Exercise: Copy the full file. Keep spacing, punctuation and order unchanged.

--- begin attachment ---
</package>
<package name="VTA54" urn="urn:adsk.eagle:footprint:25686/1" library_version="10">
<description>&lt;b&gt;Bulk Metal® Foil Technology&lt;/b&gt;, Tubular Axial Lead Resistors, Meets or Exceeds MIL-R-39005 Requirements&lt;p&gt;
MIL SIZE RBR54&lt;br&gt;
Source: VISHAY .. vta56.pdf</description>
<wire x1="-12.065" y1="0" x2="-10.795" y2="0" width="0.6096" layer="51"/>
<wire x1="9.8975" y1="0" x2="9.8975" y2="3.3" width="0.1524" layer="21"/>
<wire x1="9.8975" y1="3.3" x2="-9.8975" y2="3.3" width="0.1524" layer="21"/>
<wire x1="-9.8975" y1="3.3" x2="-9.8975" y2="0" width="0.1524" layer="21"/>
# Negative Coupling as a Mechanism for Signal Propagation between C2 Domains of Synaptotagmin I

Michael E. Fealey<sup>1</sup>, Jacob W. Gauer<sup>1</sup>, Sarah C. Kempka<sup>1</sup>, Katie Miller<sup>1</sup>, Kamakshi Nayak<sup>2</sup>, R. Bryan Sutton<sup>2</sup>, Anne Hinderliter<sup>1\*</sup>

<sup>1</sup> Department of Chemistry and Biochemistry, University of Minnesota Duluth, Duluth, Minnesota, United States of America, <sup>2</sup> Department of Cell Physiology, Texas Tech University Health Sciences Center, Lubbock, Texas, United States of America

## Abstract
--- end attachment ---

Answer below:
</package>
<package name="VTA54" urn="urn:adsk.eagle:footprint:25686/1" library_version="10">
<description>&lt;b&gt;Bulk Metal® Foil Technology&lt;/b&gt;, Tubular Axial Lead Resistors, Meets or Exceeds MIL-R-39005 Requirements&lt;p&gt;
MIL SIZE RBR54&lt;br&gt;
Source: VISHAY .. vta56.pdf</description>
<wire x1="-12.065" y1="0" x2="-10.795" y2="0" width="0.6096" layer="51"/>
<wire x1="9.8975" y1="0" x2="9.8975" y2="3.3" width="0.1524" layer="21"/>
<wire x1="9.8975" y1="3.3" x2="-9.8975" y2="3.3" width="0.1524" layer="21"/>
<wire x1="-9.8975" y1="3.3" x2="-9.8975" y2="0" width="0.1524" layer="21"/>
# Negative Coupling as a Mechanism for Signal Propagation between C2 Domains of Synaptotagmin I

Michael E. Fealey<sup>1</sup>, Jacob W. Gauer<sup>1</sup>, Sarah C. Kempka<sup>1</sup>, Katie Miller<sup>1</sup>, Kamakshi Nayak<sup>2</sup>, R. Bryan Sutton<sup>2</sup>, Anne Hinderliter<sup>1\*</sup>

<sup>1</sup> Department of Chemistry and Biochemistry, University of Minnesota Duluth, Duluth, Minnesota, United States of America, <sup>2</sup> Department of Cell Physiology, Texas Tech University Health Sciences Center, Lubbock, Texas, United States of America

## Abstract